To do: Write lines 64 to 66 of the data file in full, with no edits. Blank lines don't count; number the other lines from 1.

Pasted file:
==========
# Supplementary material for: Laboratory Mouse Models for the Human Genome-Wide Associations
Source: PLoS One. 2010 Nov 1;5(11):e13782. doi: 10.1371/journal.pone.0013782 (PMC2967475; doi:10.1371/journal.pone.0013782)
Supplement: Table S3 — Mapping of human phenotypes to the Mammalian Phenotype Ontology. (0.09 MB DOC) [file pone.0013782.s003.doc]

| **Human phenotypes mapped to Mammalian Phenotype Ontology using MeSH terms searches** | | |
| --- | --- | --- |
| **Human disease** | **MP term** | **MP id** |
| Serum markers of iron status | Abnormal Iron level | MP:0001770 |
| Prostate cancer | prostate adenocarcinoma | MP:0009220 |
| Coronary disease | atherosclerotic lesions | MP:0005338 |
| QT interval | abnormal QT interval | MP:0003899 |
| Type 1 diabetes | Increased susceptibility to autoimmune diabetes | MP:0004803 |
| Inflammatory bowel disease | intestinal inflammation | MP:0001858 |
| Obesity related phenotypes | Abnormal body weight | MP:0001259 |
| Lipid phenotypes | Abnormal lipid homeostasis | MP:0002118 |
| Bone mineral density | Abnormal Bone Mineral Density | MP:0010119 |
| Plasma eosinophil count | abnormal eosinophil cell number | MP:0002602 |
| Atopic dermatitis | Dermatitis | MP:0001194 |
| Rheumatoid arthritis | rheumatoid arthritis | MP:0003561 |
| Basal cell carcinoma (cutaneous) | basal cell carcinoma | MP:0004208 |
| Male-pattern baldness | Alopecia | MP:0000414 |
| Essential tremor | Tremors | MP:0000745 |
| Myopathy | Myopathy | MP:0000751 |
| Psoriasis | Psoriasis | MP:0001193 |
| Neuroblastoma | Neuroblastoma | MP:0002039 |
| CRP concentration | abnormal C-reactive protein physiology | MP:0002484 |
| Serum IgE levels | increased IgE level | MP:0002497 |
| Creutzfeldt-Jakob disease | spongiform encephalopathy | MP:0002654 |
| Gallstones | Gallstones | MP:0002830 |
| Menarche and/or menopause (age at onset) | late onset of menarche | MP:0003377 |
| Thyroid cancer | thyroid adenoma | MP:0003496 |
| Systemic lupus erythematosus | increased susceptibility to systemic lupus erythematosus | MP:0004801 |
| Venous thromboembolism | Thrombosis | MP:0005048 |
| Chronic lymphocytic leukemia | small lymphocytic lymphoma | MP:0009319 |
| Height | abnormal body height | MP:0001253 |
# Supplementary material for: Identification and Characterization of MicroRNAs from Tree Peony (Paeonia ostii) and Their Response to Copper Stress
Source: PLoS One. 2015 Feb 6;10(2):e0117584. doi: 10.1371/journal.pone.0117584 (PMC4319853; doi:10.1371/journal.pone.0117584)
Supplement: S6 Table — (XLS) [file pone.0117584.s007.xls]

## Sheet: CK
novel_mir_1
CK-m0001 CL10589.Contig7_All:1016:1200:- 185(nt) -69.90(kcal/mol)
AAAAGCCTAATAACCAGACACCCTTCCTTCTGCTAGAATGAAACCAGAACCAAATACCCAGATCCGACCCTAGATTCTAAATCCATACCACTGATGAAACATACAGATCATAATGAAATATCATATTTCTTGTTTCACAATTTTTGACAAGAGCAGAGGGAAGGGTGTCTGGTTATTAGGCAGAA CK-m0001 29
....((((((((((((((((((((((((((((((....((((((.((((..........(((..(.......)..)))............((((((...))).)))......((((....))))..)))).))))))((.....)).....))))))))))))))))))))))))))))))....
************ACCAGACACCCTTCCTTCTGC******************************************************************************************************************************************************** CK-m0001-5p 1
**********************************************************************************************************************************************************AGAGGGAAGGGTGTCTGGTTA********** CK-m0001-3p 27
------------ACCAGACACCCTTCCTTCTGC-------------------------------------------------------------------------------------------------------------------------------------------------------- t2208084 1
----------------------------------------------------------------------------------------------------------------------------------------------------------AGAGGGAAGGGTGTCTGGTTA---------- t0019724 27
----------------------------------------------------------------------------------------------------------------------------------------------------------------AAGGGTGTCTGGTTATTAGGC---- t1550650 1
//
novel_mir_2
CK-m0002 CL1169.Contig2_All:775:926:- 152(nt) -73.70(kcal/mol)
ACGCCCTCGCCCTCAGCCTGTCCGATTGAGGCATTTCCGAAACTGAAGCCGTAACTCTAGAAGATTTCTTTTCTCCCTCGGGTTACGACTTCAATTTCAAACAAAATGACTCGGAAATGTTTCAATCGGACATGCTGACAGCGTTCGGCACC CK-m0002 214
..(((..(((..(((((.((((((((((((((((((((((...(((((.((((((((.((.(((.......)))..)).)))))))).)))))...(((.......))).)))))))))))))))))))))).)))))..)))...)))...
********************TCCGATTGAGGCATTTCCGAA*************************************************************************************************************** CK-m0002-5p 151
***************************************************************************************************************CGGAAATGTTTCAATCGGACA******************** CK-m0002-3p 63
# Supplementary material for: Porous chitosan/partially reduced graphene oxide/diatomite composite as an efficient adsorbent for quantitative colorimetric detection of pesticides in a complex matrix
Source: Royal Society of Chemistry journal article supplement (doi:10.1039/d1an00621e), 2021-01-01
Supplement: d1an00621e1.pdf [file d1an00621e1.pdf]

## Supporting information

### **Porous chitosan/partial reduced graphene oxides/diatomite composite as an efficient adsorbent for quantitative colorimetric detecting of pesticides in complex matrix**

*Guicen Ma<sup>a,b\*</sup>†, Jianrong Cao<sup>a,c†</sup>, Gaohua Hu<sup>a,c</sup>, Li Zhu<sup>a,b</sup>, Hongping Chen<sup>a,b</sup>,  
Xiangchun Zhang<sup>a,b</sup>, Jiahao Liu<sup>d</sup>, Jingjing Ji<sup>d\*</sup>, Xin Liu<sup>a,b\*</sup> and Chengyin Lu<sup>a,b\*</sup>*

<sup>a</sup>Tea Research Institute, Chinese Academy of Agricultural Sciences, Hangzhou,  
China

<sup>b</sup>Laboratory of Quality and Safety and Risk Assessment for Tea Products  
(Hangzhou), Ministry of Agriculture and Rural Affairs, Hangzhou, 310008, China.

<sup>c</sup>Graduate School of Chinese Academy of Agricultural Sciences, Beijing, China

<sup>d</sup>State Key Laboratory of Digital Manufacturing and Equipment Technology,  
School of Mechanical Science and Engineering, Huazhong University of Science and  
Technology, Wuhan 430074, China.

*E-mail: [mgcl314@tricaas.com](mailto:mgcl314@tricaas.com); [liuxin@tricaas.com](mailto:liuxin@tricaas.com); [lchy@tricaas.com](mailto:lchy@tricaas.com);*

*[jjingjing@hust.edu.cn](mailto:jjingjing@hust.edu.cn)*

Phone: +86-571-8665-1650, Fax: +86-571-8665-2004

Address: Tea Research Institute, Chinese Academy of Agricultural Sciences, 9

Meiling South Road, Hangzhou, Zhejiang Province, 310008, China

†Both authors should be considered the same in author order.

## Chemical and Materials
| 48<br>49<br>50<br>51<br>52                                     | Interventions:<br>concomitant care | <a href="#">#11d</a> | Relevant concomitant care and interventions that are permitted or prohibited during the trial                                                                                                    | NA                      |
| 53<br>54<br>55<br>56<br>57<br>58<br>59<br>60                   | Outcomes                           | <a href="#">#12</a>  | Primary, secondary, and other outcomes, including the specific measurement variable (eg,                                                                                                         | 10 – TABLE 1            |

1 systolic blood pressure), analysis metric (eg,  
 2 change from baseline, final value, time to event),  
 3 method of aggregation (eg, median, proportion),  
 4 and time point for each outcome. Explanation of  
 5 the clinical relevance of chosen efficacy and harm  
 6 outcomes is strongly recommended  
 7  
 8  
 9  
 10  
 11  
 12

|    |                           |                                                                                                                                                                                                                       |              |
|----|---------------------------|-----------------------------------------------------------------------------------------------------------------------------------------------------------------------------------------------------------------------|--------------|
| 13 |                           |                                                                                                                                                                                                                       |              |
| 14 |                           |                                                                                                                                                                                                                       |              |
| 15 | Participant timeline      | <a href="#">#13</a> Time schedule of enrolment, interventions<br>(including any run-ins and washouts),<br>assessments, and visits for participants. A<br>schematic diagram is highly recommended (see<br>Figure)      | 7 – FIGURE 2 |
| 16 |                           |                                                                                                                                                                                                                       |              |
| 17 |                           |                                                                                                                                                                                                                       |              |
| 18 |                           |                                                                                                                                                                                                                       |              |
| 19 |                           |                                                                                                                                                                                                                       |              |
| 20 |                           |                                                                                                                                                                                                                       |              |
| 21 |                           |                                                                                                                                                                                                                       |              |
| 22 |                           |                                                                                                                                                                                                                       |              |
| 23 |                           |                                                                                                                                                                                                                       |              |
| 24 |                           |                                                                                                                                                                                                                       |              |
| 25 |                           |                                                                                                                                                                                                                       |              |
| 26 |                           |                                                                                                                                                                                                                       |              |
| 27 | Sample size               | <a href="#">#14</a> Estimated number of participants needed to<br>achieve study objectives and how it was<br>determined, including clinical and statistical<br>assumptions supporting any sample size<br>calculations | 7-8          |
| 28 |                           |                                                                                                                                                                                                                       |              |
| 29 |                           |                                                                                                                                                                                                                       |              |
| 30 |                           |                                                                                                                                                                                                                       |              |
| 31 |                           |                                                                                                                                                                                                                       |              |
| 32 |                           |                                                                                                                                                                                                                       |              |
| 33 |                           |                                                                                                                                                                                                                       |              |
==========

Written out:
<sup>b</sup>Laboratory of Quality and Safety and Risk Assessment for Tea Products  
(Hangzhou), Ministry of Agriculture and Rural Affairs, Hangzhou, 310008, China.

<sup>c</sup>Graduate School of Chinese Academy of Agricultural Sciences, Beijing, China